The purpose of permission is to protect the privacy of an Android user. Android apps must request permission to access sensitive user data (such as contacts and SMS), as well as certain system features (such as camera and internet). Depending on the feature, the system might grant the permission automatically or might prompt the user to approve the request.
A central design point of the Android security architecture is that no app, by default, has permission to perform any operations that would adversely impact other apps, the operating system, or the user. This includes reading or writing the user's private data (such as contacts or emails), reading or writing another app's files, performing network access, keeping the device awake, and soon.
Restricted permissions cover areas where the app wants data or resources that involve the user's private information, or could potentially affect the user's stored data or the operation of other apps. We consider these permissions dangerous for our device as well as user data. For example, the ability to read the user's contacts is a dangerous permission.
If a user wants any of the permissions restricted by pcloudy, then he/she will have to contact our technical support team and they will decide if they can grant the permission based on the reason provided by the user. Until our support executive approves the permission, the user should not use the functionality that depends on that permission.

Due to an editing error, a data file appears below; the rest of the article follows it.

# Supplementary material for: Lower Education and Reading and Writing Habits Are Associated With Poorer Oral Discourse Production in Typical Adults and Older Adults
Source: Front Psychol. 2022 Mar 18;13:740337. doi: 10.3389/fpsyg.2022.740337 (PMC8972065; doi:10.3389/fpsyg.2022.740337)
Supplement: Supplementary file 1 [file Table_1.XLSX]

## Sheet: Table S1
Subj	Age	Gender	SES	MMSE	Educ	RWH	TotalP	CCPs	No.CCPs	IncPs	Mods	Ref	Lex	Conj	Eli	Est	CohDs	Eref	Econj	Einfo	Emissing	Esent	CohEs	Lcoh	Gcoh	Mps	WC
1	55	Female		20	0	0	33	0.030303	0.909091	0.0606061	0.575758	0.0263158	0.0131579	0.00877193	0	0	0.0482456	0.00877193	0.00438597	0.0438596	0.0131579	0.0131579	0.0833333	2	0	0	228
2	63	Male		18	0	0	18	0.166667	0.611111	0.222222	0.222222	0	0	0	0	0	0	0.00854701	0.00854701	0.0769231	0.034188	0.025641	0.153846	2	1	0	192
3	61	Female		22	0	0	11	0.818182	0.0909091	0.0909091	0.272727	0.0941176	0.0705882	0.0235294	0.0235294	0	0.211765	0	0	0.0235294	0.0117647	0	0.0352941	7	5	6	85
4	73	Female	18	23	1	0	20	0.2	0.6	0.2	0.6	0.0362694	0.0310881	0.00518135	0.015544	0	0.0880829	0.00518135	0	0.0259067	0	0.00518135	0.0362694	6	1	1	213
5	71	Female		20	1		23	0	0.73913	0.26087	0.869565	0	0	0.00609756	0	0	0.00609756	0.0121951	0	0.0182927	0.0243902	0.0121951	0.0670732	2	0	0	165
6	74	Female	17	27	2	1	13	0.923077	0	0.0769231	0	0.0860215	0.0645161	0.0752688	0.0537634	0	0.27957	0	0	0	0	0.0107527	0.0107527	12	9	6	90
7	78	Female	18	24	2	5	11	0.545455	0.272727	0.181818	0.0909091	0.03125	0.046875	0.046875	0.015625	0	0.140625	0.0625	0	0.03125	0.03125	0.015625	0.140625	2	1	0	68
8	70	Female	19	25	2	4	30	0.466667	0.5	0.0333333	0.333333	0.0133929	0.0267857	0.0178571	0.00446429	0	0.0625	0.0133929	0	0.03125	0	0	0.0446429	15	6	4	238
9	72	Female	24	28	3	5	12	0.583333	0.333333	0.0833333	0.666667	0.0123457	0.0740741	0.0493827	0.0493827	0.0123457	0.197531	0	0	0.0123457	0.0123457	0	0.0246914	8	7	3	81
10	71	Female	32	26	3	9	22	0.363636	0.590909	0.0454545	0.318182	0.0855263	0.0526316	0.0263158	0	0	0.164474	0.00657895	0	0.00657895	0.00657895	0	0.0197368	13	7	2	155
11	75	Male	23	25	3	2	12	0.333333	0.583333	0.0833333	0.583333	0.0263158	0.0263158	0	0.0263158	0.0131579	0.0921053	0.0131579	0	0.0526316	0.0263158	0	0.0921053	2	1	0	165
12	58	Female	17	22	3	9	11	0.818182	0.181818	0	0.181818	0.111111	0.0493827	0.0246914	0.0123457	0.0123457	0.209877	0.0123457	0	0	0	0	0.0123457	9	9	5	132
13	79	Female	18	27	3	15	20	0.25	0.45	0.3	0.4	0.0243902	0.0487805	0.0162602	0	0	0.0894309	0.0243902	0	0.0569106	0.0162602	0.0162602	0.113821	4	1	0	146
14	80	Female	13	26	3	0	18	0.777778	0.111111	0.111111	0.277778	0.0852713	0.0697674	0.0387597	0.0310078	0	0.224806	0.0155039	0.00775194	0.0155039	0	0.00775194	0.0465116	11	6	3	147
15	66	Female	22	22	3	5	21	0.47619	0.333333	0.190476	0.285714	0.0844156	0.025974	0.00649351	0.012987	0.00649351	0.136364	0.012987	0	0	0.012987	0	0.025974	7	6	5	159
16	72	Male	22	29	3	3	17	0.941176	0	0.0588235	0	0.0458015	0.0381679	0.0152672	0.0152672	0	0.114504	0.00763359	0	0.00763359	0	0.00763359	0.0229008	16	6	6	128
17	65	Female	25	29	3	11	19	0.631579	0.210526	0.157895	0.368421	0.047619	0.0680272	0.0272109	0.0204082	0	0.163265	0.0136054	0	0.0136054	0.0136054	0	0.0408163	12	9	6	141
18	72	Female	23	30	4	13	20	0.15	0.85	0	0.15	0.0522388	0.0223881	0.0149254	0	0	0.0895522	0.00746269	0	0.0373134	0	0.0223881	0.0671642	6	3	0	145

We keep updating this list of permissions from time to time, so users can revisit this page to get the revised list.
Permissions and their descriptions
|1||android.permission.DIAGNOSTIC||Allows the app to read and write to any resource owned by the diag group. For example: files in /dev. This could potentially affect system stability and security. This should be only be used for hardware-specific diagnostics by the manufacturer or operator.|
|2||android.permission.ACCESS_CACHE_FILESYSTEM||Allows an application to read and write the cache file system.|
|3||android.permission.ACCESS_MTK_MMHW||It is used to access fm radio chip. MTK refers to MediaTek, which is a manufacturer of electronic chips.|
|4||android.permission.REBOOT_IPO||Used for rebooting the device.|
|5||android.permission.DELETE_CACHE_FILES||DELETE_CACHE_FILES is a signature system permission, meaning that it can only be held by apps that are signed with the firmware's signing key or are installed on the system partition (e.g., by a rooted device user). Ordinary SDK applications cannot hold this permission.|
|6||android.permission.MOUNT_UNMOUNT_FILESYSTEMS||Allows the app to mount and unmount file systems for removable storage.|
|7||android.permission.BROADCAST_PACKAGE_REMOVED||Allows the app to broadcast a notification that an app package has been removed. Malicious apps may use this to kill any other running app.|
|8||android.permission.ACCESS_SUPERUSER||ACCESS_SUPERUSER is a permission declared by the Super user app by which user have full control on device he can root the device and can perform malicious activity inside the device which could be dangerous for the devices as well as user data.|
|9||android.permission.CHANGE_CONFIGURATION||Allows the app to change the current configuration, such as the locale or overall font size. Protection level: signature|privileged|development|